With four generations of the family living on their Upper Murray dairy property, ongoing business improvement and succession planning go hand-in-hand for husband and wife team, Craig and Jo Sheather.
The Sheathers’ home property, Akoonah – 814 hectares in the Biggara Valley in the Upper Murray region of NSW – has been in the family’s hands for 60 years and was originally owned by Craig’s father and uncle.
“They ran dairy for a while then went into beef for a few years, and 24 years ago I had the great idea to go back into dairy again,” Craig said.
“We had leased another place about 20 km away and income was slowing down. Being on river flat, dairy was a very good option for us, so we went down that path.”
Today, their dairy operation has about 220 cows producing approximately 1.7 million litres of milk annually.
It was the move back into dairy that led to the Sheather family’s ongoing relationship with Rabobank.
“When we decided to go into dairy, we weren’t getting any answer from our bank, so we gave Rabobank a call,” Craig said.
“They were very quick, came and had a look, and the best thing was that they actually knew what they were talking about.
“Rabobank were switched on to the agricultural business – they know the ups and downs and timings.”
“It all went from there and we’ve had a great relationship since. We really appreciate what they have done for us. And the All In One account just makes it so much easier to know where you are at any given time.”
Craig and Jo have been sole owners of the business since last year, after Craig and his brother bought there uncle out of the original business in 1985 and then his parents and brother last year.
“There is a bit of a story to it I suppose. I started trying to do succession planning when dad was 59 and last year he was 85 when it happened,” Craig said.
While it had been on their minds for many years, Jo added that they only really started pushing ahead with a succession plan about five years ago.
“We did it with the help of Rabobank’s succession planning people. Our farm was in two titles and we initially got the first title, where our house is, in our name. Then last year, we took over the rest of the farm,” she explained.
“There’s actually four generations of us living on the farm here now – Craig’s parents, us and our son and his partner who have a little five-and-a-half-month-old boy.”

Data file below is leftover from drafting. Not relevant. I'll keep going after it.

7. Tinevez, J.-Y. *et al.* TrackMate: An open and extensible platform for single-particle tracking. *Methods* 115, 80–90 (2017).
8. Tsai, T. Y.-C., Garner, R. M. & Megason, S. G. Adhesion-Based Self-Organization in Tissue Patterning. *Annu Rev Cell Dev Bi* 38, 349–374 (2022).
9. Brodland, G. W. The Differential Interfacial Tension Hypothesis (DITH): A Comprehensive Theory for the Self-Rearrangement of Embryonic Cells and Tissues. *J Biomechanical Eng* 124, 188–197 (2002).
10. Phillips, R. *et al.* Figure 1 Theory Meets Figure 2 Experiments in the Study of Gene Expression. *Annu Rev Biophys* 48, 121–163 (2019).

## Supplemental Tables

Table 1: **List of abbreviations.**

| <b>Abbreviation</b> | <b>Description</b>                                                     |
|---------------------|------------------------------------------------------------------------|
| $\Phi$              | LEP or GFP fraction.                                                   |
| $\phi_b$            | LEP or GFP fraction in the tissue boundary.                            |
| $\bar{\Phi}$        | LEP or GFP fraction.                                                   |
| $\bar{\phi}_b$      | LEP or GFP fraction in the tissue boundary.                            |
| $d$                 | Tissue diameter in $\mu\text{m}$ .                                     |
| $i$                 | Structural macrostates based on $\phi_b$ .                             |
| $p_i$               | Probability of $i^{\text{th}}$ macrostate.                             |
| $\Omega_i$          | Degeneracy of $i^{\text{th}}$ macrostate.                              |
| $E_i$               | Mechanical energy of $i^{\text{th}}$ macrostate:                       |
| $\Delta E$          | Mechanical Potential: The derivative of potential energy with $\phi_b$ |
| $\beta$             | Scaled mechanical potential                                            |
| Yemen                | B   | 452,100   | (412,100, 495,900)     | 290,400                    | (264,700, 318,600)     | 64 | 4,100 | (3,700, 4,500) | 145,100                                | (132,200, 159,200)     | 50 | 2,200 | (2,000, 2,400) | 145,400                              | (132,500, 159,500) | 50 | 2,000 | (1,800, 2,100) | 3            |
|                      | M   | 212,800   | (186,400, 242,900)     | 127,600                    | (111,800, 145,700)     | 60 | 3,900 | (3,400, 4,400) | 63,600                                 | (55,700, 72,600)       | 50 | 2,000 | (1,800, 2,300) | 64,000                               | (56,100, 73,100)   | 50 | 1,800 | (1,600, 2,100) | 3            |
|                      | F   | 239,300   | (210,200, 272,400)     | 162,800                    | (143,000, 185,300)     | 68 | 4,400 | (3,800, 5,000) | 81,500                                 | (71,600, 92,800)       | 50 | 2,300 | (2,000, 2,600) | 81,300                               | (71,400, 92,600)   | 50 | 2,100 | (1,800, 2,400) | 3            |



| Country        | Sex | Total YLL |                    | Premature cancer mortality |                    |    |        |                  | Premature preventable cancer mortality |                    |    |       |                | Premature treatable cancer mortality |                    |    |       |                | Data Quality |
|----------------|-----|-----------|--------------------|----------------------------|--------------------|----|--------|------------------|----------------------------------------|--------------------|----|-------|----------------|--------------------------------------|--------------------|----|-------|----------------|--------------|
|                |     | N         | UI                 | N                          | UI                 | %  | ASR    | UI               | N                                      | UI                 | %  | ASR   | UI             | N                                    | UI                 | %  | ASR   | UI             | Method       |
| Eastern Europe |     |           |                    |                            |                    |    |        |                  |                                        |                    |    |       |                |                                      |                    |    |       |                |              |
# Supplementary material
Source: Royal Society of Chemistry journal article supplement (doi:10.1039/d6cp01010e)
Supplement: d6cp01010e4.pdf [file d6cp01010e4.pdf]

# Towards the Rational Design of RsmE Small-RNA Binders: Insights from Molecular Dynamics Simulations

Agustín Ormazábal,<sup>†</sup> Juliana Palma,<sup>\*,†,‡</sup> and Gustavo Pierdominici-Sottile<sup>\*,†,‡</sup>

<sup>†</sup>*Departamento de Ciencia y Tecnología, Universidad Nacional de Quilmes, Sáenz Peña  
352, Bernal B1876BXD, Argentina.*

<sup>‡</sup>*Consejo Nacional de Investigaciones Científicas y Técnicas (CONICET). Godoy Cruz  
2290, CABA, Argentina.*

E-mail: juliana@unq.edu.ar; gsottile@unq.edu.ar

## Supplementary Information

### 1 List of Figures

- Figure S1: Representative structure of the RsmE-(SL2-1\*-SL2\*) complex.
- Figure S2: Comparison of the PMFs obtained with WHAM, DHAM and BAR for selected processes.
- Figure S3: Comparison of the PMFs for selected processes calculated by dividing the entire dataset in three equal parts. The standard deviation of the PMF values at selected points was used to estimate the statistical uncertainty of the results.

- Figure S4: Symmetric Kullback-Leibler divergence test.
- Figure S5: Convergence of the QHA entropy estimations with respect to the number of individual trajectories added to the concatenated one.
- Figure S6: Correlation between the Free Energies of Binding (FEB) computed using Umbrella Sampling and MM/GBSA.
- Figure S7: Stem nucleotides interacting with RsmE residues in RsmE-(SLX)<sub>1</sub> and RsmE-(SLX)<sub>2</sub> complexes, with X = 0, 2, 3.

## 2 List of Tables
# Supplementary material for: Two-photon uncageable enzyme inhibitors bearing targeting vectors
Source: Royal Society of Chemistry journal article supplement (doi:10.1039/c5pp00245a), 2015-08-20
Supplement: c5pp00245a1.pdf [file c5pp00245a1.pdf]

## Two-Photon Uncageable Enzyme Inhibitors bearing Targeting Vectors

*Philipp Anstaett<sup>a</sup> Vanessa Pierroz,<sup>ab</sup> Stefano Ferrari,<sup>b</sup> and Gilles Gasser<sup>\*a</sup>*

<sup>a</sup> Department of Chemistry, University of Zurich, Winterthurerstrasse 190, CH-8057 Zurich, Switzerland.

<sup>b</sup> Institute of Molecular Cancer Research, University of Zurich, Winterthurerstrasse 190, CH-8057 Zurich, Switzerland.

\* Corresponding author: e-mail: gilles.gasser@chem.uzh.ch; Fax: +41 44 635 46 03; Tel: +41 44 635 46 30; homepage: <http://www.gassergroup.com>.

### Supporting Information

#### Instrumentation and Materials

With two sons and a daughter now in adulthood, Craig and Jo are planning ahead for the next round of succession.
“We’ve taken the first step in the way we have set up our business with family trusts to make things a little bit easier. Over the next few years, when the business is a bit more established, we’ll be thinking about it big time,” Craig said.
“I have one son here helping me full time. Our other son is on a bushfire management summer crew, but he spends the other six months of the year working on the farm.
“Ten years from now, I’m pretty sure I’ll have one son running the business. I’m not sure what my role will be, but I’m willing to step back at any given time.”
Despite challenges like milk prices and drought, Craig is optimistic that they can continue to grow their business for the next generation and is always on the lookout for ways to increase their productivity.
“One of the draw backs at the moment is that land prices in this area are ridiculously high. So I think that’s going to make us concentrate on what we can actually do here using what we’ve got,” Craig said.
“We try to improve all the time in what we do. I try not to get stuck in my ways, and I’m pretty open to other people’s ideas and other people’s advice.”
Craig said that technology had helped, especially in keeping track of production and individual cows, and pasture improvement.
“Over the last couple of years we’ve made some changes to our grass, what we sow and when we sow, and I think we are starting to kick a few goals now. We are trying to cut out bringing in fodder and this has certainly helped our bottom line,” he added.
“Farming can be very tough, but also very rewarding too. There are heaps of opportunities around, and we just have to keep our ears to the ground and keep up with everything.”